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Kim Jong-un beauty masks are pulled off shelves in South Korea

South Korea is renowned for its rugged beauty industry, with the country's focus on personal appearance so intense that it recently hit a backlash.

But the industry is now faced with unwanted attention of another kind: a company's decision to market Kim Jong-un beauty masks – complete with "nuclear bomb" packages that promise to rejuvenate and witness the face – has led to such rebellion that the product have been pulled from some store shelves.

More than 25,000 of these face masks, with the North Korean leader's face and blocky hairline, have been sold online and in stores since June according to 51

49, the South Korean cosmetics and fashion companies that produced them. The company's CEO, Kwak Hyeon-ju, said she wanted the maskpackers to celebrate what she called "once in a lifetime" between Korean summits earlier this year.

However, as the word of the unconventional product has spread, the criticism, leading a chain store, Pierrot Shopping, has been removed to remove the product from shelves after critical coverage in a major South Korean newspaper. Some say that such mockery by Kim only softens the image of North Korea, which effectively creates propaganda for the regime.

"The fact that the worst dictator in the world – which violates human rights of its inhabitants – appears as someone who can be part of world peace shows that South Korean society has lost the ability to filter through and control the situation," said Kang Dong- wan, professor of North Korean culture and politics at Dong-A University in Busan, South Korea.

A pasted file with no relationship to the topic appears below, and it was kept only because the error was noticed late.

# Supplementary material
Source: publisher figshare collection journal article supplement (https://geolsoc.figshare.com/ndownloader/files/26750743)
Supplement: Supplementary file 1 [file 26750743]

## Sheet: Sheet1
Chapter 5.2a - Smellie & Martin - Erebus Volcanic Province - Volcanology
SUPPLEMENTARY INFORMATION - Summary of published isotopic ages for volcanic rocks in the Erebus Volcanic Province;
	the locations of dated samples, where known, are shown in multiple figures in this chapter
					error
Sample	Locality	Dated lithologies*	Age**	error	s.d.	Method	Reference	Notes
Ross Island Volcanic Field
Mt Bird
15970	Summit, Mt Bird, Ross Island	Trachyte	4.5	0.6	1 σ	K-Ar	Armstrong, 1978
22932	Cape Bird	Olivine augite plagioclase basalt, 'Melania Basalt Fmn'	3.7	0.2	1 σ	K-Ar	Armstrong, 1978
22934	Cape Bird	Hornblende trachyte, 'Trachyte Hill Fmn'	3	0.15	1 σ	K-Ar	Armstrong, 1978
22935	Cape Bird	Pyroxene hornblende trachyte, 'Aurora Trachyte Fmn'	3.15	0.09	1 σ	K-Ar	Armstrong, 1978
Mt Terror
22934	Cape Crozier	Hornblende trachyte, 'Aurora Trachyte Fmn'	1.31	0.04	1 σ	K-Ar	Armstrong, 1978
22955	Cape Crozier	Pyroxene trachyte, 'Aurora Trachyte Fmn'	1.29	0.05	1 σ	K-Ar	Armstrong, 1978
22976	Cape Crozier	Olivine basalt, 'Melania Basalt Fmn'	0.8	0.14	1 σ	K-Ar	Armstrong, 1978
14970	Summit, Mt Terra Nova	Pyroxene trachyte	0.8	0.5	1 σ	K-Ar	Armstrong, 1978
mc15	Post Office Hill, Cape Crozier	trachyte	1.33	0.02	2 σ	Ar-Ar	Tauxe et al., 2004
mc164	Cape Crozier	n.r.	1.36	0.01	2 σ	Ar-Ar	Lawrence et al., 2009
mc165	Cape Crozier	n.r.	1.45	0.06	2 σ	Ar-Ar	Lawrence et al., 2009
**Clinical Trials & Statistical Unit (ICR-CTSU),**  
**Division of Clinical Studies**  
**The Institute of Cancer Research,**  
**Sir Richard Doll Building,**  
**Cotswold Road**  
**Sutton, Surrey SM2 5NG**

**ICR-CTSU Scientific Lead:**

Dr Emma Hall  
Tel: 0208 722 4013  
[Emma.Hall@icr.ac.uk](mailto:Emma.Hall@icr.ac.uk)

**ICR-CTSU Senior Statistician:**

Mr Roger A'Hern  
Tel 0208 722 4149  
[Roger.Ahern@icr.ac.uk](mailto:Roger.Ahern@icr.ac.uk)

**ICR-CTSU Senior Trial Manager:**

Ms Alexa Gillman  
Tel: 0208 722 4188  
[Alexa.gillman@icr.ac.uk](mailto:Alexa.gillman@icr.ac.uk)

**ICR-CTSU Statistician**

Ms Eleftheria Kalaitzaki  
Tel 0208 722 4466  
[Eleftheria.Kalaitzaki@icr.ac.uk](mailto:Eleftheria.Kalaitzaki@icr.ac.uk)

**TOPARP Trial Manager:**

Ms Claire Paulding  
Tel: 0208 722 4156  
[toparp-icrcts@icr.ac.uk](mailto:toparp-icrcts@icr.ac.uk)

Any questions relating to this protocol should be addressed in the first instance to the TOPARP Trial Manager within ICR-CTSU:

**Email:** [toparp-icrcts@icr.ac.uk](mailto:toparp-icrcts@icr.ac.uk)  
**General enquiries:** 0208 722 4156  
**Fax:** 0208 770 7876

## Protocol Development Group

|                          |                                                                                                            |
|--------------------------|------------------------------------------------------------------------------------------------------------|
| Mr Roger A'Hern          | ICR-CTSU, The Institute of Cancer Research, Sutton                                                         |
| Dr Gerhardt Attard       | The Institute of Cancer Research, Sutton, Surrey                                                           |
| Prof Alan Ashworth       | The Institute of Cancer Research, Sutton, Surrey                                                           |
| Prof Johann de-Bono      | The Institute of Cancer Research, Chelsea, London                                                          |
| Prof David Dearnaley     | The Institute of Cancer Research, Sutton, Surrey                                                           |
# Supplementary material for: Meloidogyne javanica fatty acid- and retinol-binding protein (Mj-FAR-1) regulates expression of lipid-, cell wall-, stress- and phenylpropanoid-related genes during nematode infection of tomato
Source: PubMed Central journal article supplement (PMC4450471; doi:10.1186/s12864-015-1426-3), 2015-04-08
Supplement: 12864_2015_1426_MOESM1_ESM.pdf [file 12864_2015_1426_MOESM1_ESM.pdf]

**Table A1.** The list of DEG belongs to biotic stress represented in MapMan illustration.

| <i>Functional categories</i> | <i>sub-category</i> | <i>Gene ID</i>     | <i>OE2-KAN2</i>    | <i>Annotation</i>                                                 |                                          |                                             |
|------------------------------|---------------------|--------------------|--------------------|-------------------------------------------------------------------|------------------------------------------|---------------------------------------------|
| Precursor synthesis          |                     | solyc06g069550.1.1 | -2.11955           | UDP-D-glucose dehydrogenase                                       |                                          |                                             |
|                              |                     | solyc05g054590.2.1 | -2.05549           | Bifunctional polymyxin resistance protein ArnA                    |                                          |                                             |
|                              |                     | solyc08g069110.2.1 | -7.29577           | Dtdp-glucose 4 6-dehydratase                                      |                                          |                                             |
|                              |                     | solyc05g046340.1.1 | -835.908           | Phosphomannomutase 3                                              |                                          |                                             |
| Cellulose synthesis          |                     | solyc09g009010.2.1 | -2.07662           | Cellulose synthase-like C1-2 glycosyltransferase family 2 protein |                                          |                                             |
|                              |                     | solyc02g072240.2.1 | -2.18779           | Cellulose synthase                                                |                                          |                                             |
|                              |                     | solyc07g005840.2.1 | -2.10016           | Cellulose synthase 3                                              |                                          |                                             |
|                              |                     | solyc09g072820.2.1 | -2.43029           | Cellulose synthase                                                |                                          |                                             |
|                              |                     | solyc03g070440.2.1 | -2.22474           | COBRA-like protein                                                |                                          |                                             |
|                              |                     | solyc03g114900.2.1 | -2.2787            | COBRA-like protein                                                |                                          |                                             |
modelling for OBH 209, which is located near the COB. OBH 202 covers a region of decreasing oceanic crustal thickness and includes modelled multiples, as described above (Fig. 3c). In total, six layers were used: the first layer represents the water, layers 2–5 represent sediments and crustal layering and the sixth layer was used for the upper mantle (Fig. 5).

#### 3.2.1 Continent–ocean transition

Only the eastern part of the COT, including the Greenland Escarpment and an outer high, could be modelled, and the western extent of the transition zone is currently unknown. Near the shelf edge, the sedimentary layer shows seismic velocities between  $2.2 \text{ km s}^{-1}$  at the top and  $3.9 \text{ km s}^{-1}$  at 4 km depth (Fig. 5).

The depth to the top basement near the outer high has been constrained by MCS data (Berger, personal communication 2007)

Many consumers have been playing playfully with the masks stuck in the face and published the pictures on social media. Others see it as the normalization of an oppressive dictator and a trivialization of the nuclear threat posed by North Korea.

The package of "association's nuclear cotton package" containing the product promises to rewind, cite or lift the buyer's face. A commercial on the company's Instagram account points to the product as a "nuclear bomb that bursts in the face."

"Are we going to cross the border with a white face?" A text on the product's packaging reads, in a font commonly used in North Korean propaganda.

Ms. Kwak said that her product just celebrated the jubilee which greeted Kim's April meeting with President Moon Jae-in South Korea in the demilitarized zone between the two countries.

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